Well it’s long been known that brands and advertisers use specific marketing tactics to convince shoppers to make purchases, there are some tactics that they use that, while not illegal, border on being unethical. If anything, they’re certainly not fair to American consumers and, because of that, we’ve rounded up 6 of the worst deceptions that are foisted on shoppers regularly. Read them, take note and, as always, enjoy.
Deception #1: The Packaging perception trick. The old saying about “not judging a book by its cover” could also be used when it comes to purchasing products, especially food products. Simply put, many consumers are fooled into thinking that a taller or narrower product package holds more product then it actually does. A great example of this is the large boxes used for cereal and ice cream, which look big but generally contain much less product that it would appear.
Deception #2: The “Up To” trick. This is a tactic used by many department stores when they are having clearance sales. They place a sign in a prominent location that says “50% Off” but, upon further inspection, you notice that site also says “up to”. This fools many shoppers into thinking that they’re going to find lots of items at half price but, in most cases, there are only a few while most other items are marked at 5%, 10% or other, lower, percentages off.
Deception #3: The Rebate hoax. While “extreme couponing” makes headlines, there’s very little talk about rebates that department stores offer when you buy a specific product. The reason is simple; redemption rates for rebates are far lower than for coupons. Even worse is that the price usually seen on the sale sticker already has the rebate price deducted, a rebate that most consumers will never receive and thus a lower price that they won’t receive either.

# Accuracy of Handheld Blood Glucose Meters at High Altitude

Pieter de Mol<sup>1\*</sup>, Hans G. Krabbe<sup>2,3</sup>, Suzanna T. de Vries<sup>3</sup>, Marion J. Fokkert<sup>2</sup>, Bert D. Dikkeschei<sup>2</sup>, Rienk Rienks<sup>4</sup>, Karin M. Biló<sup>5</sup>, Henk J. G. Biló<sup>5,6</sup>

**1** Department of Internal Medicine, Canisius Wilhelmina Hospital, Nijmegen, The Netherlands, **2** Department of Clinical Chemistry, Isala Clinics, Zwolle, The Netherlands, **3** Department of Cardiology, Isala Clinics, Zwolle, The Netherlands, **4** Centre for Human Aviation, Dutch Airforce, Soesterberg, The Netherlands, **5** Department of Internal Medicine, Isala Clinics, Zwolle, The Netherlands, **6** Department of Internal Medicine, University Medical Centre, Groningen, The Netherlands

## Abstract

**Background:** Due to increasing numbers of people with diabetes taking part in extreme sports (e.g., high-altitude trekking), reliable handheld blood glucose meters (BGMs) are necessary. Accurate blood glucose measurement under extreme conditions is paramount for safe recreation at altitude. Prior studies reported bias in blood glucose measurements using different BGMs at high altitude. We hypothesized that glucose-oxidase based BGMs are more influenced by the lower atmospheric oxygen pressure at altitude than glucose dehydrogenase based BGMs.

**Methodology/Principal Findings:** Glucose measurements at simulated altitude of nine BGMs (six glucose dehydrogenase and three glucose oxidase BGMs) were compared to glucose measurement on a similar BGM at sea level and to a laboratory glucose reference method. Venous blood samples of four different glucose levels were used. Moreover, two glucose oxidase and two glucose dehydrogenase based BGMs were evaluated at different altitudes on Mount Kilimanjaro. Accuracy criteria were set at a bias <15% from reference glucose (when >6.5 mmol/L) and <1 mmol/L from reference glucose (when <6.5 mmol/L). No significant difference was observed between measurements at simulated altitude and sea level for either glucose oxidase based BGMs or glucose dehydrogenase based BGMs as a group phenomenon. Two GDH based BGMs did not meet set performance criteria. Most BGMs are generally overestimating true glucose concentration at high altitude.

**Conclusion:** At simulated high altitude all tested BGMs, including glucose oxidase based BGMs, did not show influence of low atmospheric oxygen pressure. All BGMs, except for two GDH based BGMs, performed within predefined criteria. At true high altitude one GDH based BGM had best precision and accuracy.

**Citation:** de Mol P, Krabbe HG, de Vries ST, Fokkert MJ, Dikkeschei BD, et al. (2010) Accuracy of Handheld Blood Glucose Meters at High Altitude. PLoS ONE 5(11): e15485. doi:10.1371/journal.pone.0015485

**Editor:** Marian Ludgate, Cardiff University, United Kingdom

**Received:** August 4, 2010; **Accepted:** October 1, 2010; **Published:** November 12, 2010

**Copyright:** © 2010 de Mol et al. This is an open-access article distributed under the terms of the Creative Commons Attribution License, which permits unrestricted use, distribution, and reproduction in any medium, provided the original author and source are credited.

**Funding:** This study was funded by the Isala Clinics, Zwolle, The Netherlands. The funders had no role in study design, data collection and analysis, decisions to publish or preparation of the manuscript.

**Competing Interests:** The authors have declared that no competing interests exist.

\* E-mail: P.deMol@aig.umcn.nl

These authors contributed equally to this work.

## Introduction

Deception #4: The “Buy X amount for X dollars” fake-out. This happens in grocery stores all the time. They post sale signs advertising, for example, 10 items for $10. Most consumers, seeing that advertisement, will purchase 10 items in order to get them for $1 apiece. The fact is however that, in almost all cases, they could just as well purchase 1 item, or 3, or even 6, and still get them for $1 each, without the need to purchase 10.
Deception #5: The ‘Price Anchoring’ scheme. This consumer deceit was brought to light in the last few years when department store JCPenney actually tried to stop using it. When their sales plummeted they changed their tune (and fired their new CEO) and went back to ‘price anchoring’, whereby they take a $32 retail price for a shirt (for example) and increase that cost to $56 in the store. Then they put the shirt “on sale” for the original retail price of $32. This has the effect of convincing a consumer that they’re getting a “great deal” when in fact the department store is getting exactly the price they wanted for the shirt to begin with.
Deception #6: The ‘low payment focus’ scam. This scam can be found on numerous advertising campaigns. For example, you’re listening to a TV commercial that says “for the price of a cup of coffee each day, you can get the insurance you need”. These companies don’t focus on the overall price but instead the “low payment” cost. Many car dealerships do the same thing, asking their customers how much they can afford to pay every month rather than focusing on what the total cost of their automobile will be when it’s finally paid in full.
Now that you’ve seen how marketers and retailers try to fool you, hopefully you’ll be the wiser and keep your eyes fully focused on the actual price you’re going to pay, not the fake one they try to focus on. Best of luck shoppers!